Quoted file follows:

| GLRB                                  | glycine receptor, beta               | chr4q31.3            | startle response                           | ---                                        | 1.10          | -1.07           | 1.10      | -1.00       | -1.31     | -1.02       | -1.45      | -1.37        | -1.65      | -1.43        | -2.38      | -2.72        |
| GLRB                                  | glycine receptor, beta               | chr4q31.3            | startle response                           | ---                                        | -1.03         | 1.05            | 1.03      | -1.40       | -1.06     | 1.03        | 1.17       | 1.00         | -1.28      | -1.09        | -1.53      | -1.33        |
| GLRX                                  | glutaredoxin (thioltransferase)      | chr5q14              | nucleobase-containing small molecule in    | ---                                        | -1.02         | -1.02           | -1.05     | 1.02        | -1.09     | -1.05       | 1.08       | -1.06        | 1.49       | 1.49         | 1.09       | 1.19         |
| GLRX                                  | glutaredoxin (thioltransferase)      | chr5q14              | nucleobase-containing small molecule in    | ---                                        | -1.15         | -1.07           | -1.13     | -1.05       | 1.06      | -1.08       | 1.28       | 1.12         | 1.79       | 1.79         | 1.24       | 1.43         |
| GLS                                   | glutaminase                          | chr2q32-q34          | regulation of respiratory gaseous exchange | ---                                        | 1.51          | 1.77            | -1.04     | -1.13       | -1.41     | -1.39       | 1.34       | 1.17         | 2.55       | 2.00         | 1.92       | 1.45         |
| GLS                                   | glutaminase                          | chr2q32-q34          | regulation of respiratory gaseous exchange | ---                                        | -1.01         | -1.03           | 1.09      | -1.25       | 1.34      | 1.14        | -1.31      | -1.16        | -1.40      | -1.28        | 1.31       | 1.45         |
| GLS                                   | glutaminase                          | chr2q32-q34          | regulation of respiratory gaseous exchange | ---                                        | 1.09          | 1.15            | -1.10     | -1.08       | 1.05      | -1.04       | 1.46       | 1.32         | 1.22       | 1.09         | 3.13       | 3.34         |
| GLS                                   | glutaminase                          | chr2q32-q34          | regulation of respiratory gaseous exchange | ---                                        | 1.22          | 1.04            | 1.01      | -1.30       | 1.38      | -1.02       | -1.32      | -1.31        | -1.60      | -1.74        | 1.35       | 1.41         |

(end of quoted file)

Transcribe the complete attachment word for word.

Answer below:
| GLRB                                  | glycine receptor, beta               | chr4q31.3            | startle response                           | ---                                        | 1.10          | -1.07           | 1.10      | -1.00       | -1.31     | -1.02       | -1.45      | -1.37        | -1.65      | -1.43        | -2.38      | -2.72        |
| GLRB                                  | glycine receptor, beta               | chr4q31.3            | startle response                           | ---                                        | -1.03         | 1.05            | 1.03      | -1.40       | -1.06     | 1.03        | 1.17       | 1.00         | -1.28      | -1.09        | -1.53      | -1.33        |
| GLRX                                  | glutaredoxin (thioltransferase)      | chr5q14              | nucleobase-containing small molecule in    | ---                                        | -1.02         | -1.02           | -1.05     | 1.02        | -1.09     | -1.05       | 1.08       | -1.06        | 1.49       | 1.49         | 1.09       | 1.19         |
| GLRX                                  | glutaredoxin (thioltransferase)      | chr5q14              | nucleobase-containing small molecule in    | ---                                        | -1.15         | -1.07           | -1.13     | -1.05       | 1.06      | -1.08       | 1.28       | 1.12         | 1.79       | 1.79         | 1.24       | 1.43         |
| GLS                                   | glutaminase                          | chr2q32-q34          | regulation of respiratory gaseous exchange | ---                                        | 1.51          | 1.77            | -1.04     | -1.13       | -1.41     | -1.39       | 1.34       | 1.17         | 2.55       | 2.00         | 1.92       | 1.45         |
| GLS                                   | glutaminase                          | chr2q32-q34          | regulation of respiratory gaseous exchange | ---                                        | -1.01         | -1.03           | 1.09      | -1.25       | 1.34      | 1.14        | -1.31      | -1.16        | -1.40      | -1.28        | 1.31       | 1.45         |
| GLS                                   | glutaminase                          | chr2q32-q34          | regulation of respiratory gaseous exchange | ---                                        | 1.09          | 1.15            | -1.10     | -1.08       | 1.05      | -1.04       | 1.46       | 1.32         | 1.22       | 1.09         | 3.13       | 3.34         |
| GLS                                   | glutaminase                          | chr2q32-q34          | regulation of respiratory gaseous exchange | ---                                        | 1.22          | 1.04            | 1.01      | -1.30       | 1.38      | -1.02       | -1.32      | -1.31        | -1.60      | -1.74        | 1.35       | 1.41         |